How would you describe yourself? I am 26 years old and I am from Ohio. I used to be a Cub Scout and was almost a notary public. What are your greatest strengths and weaknesses? My strengths are my brain and my stomach which worked together to take first in an IQ test and (later on) a hot dog contest at the same bar in Cleveland. My weakness is that I leave things everywhere I go. I don’t necessarily lose them. I’m not a loser, I’m a leaver. How do you handle stress and pressure? Very, very poorly. I tend to freak out. I think I am getting better because I work in a tiny kitchen in a very busy restaurant in Cleveland and it’s a pretty high stress situation most of the time in there.

What was the worst job you’ve ever had? There is an obvious answer for me to give to this one: I worked at a funeral home for most of my life because my family owned it and our house was in the same building. However, I’d rather tell you about this one time that I worked for a coffee/tea place in Chicago called Argo Tea. They made me wear this backpack filled with different flavors of iced tea (like huge plastic tubes) and give out samples on the street in the middle of July. It was hot and disgusting and nobody wants luke warm tea from a weirdo beardo from a back pack that looks like a weapon from the Die Hard franchise. Where do you see yourself in 10 years? I think that I will probably still be working in a kitchen, traveling and playing music whenever possible. How do you measure success? I try not to. As far as bands go, the benchmarks of success have pretty much been eliminated by the internet. The meaning of record label has completely changed and success and failure can pretty easily get confused. As far as “life success” goes, I am not interested in making a lot of money, owning a car or a house or anything like that, ever, so I really don’t think about it.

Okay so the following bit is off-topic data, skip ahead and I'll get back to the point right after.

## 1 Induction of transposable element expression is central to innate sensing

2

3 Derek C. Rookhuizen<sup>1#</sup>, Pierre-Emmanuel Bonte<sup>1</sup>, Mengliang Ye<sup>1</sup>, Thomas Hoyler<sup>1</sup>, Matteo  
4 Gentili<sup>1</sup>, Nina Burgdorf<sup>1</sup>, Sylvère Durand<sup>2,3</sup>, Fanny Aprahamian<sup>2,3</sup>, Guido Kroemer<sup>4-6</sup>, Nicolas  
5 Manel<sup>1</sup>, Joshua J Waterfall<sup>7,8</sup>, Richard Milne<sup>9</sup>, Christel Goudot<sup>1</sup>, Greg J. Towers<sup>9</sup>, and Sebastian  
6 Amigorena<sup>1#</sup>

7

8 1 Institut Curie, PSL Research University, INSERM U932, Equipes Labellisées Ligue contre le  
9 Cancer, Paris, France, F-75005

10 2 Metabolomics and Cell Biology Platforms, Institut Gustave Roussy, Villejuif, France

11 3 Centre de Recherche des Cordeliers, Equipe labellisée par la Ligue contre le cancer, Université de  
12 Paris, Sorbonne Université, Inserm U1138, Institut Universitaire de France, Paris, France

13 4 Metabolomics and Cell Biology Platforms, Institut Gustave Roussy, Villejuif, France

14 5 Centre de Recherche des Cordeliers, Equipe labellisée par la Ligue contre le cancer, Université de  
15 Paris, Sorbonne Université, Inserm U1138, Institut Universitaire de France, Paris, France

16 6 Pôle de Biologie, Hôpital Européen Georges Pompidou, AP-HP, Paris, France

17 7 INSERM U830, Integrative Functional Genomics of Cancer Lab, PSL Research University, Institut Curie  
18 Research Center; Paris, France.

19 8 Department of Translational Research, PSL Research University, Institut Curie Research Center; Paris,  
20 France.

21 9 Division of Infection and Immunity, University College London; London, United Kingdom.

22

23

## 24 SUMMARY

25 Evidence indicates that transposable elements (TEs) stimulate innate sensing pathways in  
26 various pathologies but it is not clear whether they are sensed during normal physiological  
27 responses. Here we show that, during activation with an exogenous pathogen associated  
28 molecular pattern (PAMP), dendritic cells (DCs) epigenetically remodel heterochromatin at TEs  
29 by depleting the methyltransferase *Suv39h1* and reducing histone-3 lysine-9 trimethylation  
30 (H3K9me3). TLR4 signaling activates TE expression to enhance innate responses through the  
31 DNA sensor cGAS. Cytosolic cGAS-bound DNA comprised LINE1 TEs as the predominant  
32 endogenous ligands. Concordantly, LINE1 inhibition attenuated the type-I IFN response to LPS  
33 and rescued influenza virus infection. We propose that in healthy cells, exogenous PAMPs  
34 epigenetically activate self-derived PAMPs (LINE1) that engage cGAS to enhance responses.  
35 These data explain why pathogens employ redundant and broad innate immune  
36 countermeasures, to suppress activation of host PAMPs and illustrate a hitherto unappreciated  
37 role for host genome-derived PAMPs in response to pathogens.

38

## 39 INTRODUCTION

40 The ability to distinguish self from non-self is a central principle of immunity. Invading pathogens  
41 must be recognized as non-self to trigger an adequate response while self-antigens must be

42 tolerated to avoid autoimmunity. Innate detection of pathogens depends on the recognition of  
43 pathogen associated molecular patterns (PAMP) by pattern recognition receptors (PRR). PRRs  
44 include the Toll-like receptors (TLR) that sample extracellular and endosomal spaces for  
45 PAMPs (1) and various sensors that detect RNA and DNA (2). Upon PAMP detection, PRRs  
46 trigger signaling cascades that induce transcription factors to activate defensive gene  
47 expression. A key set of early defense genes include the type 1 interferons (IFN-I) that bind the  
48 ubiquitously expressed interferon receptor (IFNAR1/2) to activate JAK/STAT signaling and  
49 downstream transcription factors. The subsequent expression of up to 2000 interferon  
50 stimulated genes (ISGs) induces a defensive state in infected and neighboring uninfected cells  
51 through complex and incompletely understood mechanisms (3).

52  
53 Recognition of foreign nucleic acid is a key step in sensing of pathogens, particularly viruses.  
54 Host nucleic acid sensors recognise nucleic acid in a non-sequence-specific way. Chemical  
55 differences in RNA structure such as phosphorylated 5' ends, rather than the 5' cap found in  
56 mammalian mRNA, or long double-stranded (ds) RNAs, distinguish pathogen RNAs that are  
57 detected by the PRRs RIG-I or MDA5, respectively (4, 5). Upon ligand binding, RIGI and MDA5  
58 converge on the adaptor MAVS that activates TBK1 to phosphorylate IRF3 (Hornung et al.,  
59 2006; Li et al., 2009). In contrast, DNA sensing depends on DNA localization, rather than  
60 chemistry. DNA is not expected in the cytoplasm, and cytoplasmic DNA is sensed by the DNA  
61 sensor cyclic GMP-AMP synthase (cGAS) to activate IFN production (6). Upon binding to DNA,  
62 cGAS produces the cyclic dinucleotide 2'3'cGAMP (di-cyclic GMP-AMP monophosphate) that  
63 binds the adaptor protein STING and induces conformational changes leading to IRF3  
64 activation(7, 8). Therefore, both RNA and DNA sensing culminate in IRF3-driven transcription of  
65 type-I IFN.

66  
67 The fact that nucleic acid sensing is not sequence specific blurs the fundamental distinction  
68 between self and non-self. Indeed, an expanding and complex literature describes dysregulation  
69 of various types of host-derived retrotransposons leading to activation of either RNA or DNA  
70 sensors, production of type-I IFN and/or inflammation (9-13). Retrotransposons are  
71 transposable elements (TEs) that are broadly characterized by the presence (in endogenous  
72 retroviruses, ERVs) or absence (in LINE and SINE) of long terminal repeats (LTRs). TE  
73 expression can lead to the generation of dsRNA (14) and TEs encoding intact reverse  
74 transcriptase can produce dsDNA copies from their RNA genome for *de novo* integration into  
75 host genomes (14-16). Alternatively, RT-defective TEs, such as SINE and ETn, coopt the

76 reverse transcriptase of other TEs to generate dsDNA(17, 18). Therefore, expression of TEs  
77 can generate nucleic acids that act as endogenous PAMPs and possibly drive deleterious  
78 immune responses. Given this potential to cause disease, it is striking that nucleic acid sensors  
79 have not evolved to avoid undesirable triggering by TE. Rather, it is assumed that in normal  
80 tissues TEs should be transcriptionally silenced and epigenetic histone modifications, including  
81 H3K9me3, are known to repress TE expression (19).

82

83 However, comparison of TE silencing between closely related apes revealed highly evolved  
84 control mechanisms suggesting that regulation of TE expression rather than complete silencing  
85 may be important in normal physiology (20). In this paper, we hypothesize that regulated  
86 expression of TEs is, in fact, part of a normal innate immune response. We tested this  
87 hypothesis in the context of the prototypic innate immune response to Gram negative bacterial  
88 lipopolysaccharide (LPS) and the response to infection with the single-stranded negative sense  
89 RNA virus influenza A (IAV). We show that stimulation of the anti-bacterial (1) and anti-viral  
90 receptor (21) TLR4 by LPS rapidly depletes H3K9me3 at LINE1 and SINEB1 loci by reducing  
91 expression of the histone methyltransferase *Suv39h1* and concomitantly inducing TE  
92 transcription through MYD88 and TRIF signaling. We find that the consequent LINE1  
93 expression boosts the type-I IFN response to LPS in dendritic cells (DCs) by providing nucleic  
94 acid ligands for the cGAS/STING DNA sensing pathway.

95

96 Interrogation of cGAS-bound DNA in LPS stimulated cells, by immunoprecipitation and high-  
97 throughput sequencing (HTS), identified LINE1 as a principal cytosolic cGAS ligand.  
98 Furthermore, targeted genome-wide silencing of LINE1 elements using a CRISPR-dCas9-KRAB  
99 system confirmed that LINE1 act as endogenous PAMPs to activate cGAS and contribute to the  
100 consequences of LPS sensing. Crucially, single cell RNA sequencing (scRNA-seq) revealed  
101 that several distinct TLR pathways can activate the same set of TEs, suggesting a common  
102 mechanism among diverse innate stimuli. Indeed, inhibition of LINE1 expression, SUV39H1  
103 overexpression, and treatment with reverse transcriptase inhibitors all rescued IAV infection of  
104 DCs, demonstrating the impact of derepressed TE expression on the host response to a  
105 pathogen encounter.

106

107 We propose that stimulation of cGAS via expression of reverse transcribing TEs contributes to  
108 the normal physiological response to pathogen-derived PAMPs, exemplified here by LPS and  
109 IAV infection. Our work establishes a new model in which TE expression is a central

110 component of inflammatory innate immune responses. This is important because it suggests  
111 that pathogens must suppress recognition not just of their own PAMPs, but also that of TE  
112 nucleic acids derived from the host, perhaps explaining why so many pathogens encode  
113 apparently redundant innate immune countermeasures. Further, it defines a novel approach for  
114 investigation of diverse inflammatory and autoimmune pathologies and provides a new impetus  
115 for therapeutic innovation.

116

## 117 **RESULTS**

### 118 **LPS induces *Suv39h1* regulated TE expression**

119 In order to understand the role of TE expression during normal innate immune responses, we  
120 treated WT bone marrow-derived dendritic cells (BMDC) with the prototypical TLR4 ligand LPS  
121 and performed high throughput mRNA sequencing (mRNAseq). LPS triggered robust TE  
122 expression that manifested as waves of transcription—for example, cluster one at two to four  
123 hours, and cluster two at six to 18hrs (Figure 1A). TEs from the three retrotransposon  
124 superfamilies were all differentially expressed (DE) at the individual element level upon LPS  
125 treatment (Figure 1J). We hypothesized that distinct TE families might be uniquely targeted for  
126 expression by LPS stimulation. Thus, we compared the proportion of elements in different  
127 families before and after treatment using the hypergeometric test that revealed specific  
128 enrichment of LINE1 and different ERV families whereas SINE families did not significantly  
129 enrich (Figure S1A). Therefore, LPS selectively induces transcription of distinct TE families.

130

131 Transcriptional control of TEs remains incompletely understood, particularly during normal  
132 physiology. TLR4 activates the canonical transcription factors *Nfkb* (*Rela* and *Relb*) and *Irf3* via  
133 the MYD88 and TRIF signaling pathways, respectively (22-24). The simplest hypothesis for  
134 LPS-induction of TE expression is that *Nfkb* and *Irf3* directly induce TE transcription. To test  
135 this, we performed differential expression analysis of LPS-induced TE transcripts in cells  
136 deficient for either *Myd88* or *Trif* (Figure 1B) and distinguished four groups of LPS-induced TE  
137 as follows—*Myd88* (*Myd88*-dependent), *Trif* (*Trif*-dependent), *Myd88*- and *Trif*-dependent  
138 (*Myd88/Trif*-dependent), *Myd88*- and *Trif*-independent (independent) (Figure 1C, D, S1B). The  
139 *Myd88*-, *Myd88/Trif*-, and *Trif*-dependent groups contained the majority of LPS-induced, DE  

By Surprise Pat Gartland I worked at the vocational center. It was like a day program to teach these people job skills. There was one person that I was assigned to every day. He couldn’t really talk, but he was in pretty good physical shape. Every day he’d come in and we would go through some tasks to help build motor skills and whatnot. By 10 or 11am he’d decide he was finished for the day and throw his chair at me.